behavior. We spent sessions reviewing child development techniques to help boost their children’s self-esteem and sense of confidence. We
also talked about managing one’s frustration (such as when to take a break when angry) and helping their children to do the same.
Family sessions were built around helping the family members express themselves in a safe environment. The parents and the children
were asked to talk about how they felt about each other and the reason they were mandated to treatment. They were asked to share how they
felt while at home interacting with one another. I thought it was of particular importance to have them talk about their feelings related to the
call to ACS, as I was unsure how Juan Sr. felt about Juan Jr.’s report to the social worker. It was necessary to assist them with processing this
situation so that there were no residual negative feelings between father and son. I asked them to role-play—having each member act like
another member of the household. This was very effective in helping Juan Sr. see how his boys view him and his behavior toward them when
he comes home from work. As a result of this exercise, he verbalized his newfound clarity around how the boys have been seeing him as a
very angry and negative father.
I also used sessions to explore the parents’ backgrounds. Using a genogram, we identified patterns among their family members that have
continued through generations. These patterns included the use of discipline to maintain order in the home and the potentially unrealistic
expectations the elders had for their children and grandchildren. Elena stated that she was treated like an adult and had the responsibilities of a
person much older than herself while she was still very young. Juan Sr. said he felt responsible for bringing money into the home at an early
age. He was forced by his parents to get working papers as soon as he turned 14. His paychecks were then taken by his parents each week and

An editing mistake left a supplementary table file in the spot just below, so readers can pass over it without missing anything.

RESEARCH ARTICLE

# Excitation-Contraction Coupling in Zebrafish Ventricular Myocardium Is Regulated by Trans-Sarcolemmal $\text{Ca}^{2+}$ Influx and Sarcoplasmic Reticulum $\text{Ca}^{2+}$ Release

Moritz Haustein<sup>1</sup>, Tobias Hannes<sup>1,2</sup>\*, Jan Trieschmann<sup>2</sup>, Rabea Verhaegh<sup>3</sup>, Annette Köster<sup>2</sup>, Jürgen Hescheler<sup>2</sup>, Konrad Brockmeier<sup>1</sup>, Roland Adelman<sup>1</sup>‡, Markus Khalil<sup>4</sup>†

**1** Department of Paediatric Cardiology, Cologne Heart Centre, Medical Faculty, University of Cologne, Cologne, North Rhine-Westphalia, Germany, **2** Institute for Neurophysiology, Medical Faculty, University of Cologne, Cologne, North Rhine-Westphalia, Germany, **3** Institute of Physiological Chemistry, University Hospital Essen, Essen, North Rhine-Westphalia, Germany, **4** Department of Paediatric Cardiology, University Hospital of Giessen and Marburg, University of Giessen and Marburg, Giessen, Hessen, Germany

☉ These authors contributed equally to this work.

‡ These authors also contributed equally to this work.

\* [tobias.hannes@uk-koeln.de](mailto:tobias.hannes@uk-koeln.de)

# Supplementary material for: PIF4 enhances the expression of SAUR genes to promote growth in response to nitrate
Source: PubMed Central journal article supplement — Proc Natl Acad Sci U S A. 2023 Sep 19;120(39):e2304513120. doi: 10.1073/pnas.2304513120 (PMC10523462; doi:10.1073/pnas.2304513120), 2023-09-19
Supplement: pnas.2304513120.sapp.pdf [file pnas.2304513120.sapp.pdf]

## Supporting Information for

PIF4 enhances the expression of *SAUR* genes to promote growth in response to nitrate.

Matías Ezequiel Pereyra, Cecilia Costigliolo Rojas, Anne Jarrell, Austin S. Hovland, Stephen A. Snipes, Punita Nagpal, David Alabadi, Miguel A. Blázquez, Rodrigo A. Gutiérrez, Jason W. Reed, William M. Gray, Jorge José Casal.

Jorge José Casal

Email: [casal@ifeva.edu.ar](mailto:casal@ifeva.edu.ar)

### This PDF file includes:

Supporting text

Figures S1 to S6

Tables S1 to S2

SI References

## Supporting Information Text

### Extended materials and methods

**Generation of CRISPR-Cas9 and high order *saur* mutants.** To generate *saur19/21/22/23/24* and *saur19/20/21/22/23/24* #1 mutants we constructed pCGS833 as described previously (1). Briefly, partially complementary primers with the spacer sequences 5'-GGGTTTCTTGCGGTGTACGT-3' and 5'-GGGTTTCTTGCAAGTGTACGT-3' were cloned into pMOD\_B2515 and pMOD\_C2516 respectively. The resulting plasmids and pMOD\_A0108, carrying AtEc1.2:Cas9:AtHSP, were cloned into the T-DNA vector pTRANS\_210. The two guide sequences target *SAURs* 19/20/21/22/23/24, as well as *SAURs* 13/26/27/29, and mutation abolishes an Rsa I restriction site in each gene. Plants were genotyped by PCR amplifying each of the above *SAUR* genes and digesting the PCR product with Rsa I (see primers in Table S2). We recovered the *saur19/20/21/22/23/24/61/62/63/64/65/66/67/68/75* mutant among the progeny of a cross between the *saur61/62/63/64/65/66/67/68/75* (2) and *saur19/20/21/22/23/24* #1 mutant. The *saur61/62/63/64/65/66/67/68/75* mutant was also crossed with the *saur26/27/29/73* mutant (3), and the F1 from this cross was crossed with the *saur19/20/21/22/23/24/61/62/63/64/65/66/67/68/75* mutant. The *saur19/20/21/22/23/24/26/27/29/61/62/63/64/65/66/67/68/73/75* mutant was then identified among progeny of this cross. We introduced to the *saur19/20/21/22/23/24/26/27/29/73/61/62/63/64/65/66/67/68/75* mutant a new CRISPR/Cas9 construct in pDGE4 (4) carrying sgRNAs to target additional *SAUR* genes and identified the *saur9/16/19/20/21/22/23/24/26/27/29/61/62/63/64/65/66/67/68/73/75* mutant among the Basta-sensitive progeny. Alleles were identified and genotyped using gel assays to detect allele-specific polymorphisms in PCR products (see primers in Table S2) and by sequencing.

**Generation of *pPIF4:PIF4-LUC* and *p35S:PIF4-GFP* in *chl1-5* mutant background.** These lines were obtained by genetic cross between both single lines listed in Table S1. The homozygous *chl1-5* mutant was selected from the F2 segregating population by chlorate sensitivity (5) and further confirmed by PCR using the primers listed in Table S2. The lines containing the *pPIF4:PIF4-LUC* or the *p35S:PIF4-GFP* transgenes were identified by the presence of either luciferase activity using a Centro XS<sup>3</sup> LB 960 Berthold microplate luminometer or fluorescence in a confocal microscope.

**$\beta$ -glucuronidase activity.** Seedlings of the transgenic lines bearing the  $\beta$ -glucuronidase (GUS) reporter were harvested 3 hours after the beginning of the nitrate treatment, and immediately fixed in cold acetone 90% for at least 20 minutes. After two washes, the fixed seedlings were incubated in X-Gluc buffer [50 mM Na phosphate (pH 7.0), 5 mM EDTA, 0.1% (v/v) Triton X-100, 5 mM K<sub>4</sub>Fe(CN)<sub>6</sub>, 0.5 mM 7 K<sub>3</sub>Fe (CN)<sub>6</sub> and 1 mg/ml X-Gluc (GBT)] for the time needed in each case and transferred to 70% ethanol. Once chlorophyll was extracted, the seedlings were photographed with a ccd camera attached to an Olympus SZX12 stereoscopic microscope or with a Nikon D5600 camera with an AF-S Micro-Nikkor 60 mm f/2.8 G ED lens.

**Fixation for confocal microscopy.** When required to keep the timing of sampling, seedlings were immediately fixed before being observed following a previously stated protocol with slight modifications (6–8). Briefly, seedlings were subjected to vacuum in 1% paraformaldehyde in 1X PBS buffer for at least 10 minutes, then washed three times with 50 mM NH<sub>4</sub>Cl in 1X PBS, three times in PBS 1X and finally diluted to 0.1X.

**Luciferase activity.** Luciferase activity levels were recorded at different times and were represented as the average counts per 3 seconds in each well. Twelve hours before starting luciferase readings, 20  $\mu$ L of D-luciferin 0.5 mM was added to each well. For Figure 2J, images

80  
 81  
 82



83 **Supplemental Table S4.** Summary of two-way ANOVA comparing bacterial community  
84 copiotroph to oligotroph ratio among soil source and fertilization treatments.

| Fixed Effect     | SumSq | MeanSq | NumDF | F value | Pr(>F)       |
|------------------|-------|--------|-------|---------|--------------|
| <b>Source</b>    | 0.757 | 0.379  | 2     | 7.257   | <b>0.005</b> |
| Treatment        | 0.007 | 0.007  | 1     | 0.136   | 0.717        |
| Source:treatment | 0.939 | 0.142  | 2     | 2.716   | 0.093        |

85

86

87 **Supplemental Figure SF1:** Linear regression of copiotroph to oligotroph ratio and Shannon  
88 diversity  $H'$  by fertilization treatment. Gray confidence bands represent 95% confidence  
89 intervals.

used to pay for groceries and other bills. He expressed anger at his parents for encouraging him to drop out of high school so that he could get
more than one job to help out with the finances.
Other sessions focused on the burden they felt related to their finances and how that burden might be felt by the boys, just as Juan Sr.
might have felt growing up. In one session, Juan Jr. expressed his fears of being evicted and the lights being turned off, because his father
often talked of not having money for bills. Both boys expressed sadness over the amount of time their father spent at work and stressed their
desire to do more things with him at night and on the weekends. Both parents stated they did not realize the boys understood their anxieties
around
PRINTED BY: bonita.mcmorris@waldenu.edu. Printing is for personal, private use only. No part of this book may be
reproduced or transmitted without publisher’s prior permission. Violators will be prosecuted.
paying bills and felt sad that they worried about these issues. We also took a couple of sessions to address money management. We worked
together to create a budget and identify unnecessary expenses that might be eliminated.